Every dog must be vaccinated once every one or two years to help Ghana achieve immunity by 2030.
The critical proportion of all dogs that ought to be vaccinated is 70 per cent in order to break the dog-to-dog transmission of rabies.
Dr Franklin Asiedu-Bekoe, Director of Public Health at Ghana Health Service, disclosed these ahead of this year’s World Rabies Day celebration at a press briefing in Accra yesterday.
He said mass vaccination of dogs should be preceded by evidence-based research of the dog ecology, population numbers and transmission in Ghana.
“After this, adequate planning in strategy and logistics informed by policy is needed. All these must be done as quickly as necessary, considering the exigencies of the times. Community engagement and participation is key in assuring success of set targets in mass dog vaccination,” he stated
Dr Bekoe said this year’s celebration would be held on the theme “One Health, Zero Deaths” to coincide with a recent record of cases of human rabies in the Ashanti Region of Ghana, saying “the one health approach is an intersectoral collaboration between institutions concerned with human health, animal health and environmental health.”
“Rabies is considered a proxy for One Health because it has human, animal and environmental components. This year, we want to remind ourselves of the One Health strategies and approaches, the systems, institutions and other resources we will fall on, and what our objectives ought to be from now till the next celebration” he stated.
He said from May 21 to 25, 2018, relevant stakeholders met to develop the current Ghana Rabies Control and Prevention Action Plan (2018-2030) whose goal was to use the ‘One Health Approach’ to control rabies in Ghana.
The plan he said highlighted prevention and control of rabies, data collection and analysis, laboratory diagnosis, dog population management, information, education and communication, intersectoral collaboration and legislation.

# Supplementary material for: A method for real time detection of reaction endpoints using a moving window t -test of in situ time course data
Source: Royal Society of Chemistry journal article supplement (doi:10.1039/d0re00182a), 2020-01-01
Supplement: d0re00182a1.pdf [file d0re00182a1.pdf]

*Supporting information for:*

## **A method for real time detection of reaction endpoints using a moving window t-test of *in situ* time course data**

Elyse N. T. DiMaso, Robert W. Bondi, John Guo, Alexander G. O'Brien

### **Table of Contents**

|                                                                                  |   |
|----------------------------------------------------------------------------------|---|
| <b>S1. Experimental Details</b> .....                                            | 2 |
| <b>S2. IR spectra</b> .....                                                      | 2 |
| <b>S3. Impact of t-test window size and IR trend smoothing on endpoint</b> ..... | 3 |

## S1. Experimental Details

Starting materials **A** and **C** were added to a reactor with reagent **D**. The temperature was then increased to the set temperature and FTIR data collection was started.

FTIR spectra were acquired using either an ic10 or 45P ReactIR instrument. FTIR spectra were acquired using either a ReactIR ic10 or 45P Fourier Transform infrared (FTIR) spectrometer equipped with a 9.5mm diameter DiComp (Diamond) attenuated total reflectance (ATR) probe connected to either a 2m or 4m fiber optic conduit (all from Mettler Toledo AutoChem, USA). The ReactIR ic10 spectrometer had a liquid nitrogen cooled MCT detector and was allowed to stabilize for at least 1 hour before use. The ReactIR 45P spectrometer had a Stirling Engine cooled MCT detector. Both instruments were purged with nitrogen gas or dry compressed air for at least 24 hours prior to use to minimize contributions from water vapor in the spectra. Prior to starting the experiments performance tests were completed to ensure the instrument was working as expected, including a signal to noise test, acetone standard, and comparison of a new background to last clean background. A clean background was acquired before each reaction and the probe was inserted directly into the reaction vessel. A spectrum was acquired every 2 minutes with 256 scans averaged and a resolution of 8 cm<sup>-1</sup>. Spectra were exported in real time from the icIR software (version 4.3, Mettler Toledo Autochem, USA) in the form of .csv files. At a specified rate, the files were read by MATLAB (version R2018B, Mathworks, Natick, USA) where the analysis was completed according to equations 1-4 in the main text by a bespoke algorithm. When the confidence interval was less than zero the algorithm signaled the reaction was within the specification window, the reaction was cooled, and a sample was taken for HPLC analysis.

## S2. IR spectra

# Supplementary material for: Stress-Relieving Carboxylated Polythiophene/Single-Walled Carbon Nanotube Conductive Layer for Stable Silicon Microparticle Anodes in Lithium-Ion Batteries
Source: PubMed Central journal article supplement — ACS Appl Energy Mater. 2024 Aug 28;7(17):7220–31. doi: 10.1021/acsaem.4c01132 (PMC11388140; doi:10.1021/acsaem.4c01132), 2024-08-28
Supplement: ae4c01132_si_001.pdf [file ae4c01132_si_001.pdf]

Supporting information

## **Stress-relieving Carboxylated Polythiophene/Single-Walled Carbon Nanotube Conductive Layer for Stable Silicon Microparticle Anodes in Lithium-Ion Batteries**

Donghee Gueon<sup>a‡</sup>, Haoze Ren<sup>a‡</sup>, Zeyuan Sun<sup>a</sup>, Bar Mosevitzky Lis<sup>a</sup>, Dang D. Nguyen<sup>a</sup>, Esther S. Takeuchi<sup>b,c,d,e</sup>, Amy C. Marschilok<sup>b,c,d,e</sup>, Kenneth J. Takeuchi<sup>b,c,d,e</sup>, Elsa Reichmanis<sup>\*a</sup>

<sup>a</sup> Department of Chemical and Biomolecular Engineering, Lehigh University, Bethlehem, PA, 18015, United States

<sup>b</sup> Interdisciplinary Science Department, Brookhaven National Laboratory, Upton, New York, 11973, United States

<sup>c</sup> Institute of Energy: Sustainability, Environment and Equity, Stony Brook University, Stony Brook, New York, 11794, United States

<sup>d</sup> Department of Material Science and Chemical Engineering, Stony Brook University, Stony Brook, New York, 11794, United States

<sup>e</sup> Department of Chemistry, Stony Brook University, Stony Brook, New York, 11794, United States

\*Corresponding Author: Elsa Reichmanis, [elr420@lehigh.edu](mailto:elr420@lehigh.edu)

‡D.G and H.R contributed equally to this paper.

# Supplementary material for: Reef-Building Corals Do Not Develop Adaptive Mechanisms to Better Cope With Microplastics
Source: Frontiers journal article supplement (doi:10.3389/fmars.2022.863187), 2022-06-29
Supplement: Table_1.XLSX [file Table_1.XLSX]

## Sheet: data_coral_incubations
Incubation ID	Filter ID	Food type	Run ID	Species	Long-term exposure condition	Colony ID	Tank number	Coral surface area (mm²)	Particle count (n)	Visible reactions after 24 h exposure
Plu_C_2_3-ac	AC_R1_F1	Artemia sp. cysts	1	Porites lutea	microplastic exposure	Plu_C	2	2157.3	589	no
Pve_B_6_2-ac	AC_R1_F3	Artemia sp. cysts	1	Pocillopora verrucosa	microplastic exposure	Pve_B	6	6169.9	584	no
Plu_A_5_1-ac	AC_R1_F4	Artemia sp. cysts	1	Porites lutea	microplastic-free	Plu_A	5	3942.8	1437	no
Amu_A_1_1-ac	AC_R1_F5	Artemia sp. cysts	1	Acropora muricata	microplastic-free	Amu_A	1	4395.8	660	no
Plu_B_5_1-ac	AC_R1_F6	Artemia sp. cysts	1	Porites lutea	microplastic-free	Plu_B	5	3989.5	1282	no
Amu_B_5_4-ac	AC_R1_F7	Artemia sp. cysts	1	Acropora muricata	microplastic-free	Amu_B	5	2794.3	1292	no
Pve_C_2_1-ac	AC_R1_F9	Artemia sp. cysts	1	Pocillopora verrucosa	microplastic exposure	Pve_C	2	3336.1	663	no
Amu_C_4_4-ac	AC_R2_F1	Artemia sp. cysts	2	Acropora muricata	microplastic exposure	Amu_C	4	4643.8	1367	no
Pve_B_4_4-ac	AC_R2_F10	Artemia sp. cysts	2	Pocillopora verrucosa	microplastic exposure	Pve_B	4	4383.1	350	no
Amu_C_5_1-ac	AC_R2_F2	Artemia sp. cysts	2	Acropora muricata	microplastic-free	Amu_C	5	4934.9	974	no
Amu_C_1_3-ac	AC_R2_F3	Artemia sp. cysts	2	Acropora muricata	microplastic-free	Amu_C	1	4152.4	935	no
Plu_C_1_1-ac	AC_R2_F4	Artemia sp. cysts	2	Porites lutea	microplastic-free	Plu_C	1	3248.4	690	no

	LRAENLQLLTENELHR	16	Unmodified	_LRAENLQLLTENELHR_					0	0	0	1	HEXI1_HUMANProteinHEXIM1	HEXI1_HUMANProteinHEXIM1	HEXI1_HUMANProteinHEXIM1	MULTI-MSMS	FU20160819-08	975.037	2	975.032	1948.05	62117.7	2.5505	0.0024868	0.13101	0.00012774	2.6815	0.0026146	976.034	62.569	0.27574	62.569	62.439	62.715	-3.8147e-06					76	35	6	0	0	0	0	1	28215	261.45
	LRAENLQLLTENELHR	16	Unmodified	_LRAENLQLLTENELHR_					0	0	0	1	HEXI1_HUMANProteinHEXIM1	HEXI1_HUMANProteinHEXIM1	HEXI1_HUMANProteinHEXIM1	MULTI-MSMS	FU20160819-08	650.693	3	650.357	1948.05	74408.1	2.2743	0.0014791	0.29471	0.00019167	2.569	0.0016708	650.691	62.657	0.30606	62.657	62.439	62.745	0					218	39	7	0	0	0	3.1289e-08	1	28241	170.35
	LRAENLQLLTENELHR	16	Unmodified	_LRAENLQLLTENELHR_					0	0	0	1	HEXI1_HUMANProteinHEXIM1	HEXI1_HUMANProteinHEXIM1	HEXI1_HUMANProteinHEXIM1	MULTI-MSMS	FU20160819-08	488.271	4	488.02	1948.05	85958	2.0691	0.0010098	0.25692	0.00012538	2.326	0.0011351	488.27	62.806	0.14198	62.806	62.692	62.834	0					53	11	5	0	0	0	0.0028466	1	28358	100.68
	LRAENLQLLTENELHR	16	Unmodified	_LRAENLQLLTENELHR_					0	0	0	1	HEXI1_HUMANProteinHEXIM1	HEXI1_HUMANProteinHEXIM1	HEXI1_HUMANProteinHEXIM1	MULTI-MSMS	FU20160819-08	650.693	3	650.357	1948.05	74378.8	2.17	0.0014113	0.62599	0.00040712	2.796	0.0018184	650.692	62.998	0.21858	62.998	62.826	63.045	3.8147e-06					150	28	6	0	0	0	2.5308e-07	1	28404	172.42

Dr Bekoe pleaded with all relevant stakeholders to collaborate to drive progress towards “Zero human deaths from dog-mediated rabies by 2030.”
Dr Patrick Abakeh, Acting Chief Veterinary Officer said human vaccines were expensive and that it was currently estimated to cost USD$4,087,970 annually.
For him, every exposed person who received a PEP vaccine, 50 dogs could have been vaccinated at the same cost, adding that in the hierarchy of importance of control of rabies, vaccinating dogs came first, followed by vaccinating exposed humans.
Dr Abakeh called for the resource of the Veterinary Service Directorate (VSD) to be able to deal with zoonotic diseases as Ghana, together with other countries in the sub region, were endemic to rabies which is a Neglected Tropical Zoonosis.
Dr Guyo Guracha, a representative from World Health Organisation, said his outfit regularly updated and disseminated technical guidance on rabies, for example, epidemiology, surveillance, diagnostics, vaccines, safe and cost-effective immunization, control and prevention strategies for human and animal rabies, operational programme implementation and palliative care for human rabies patients.
Benjamin M.Adjei, Assistant Food and Agriculture Organisation Representative of the United Nations, added that Rabies had a significant impact on lives and livelihoods, particularly in developing countries in Africa, Asia and Latin America and that the poor and marginalised communities were most heavily impacted as they often could not afford treatment or transport for care.
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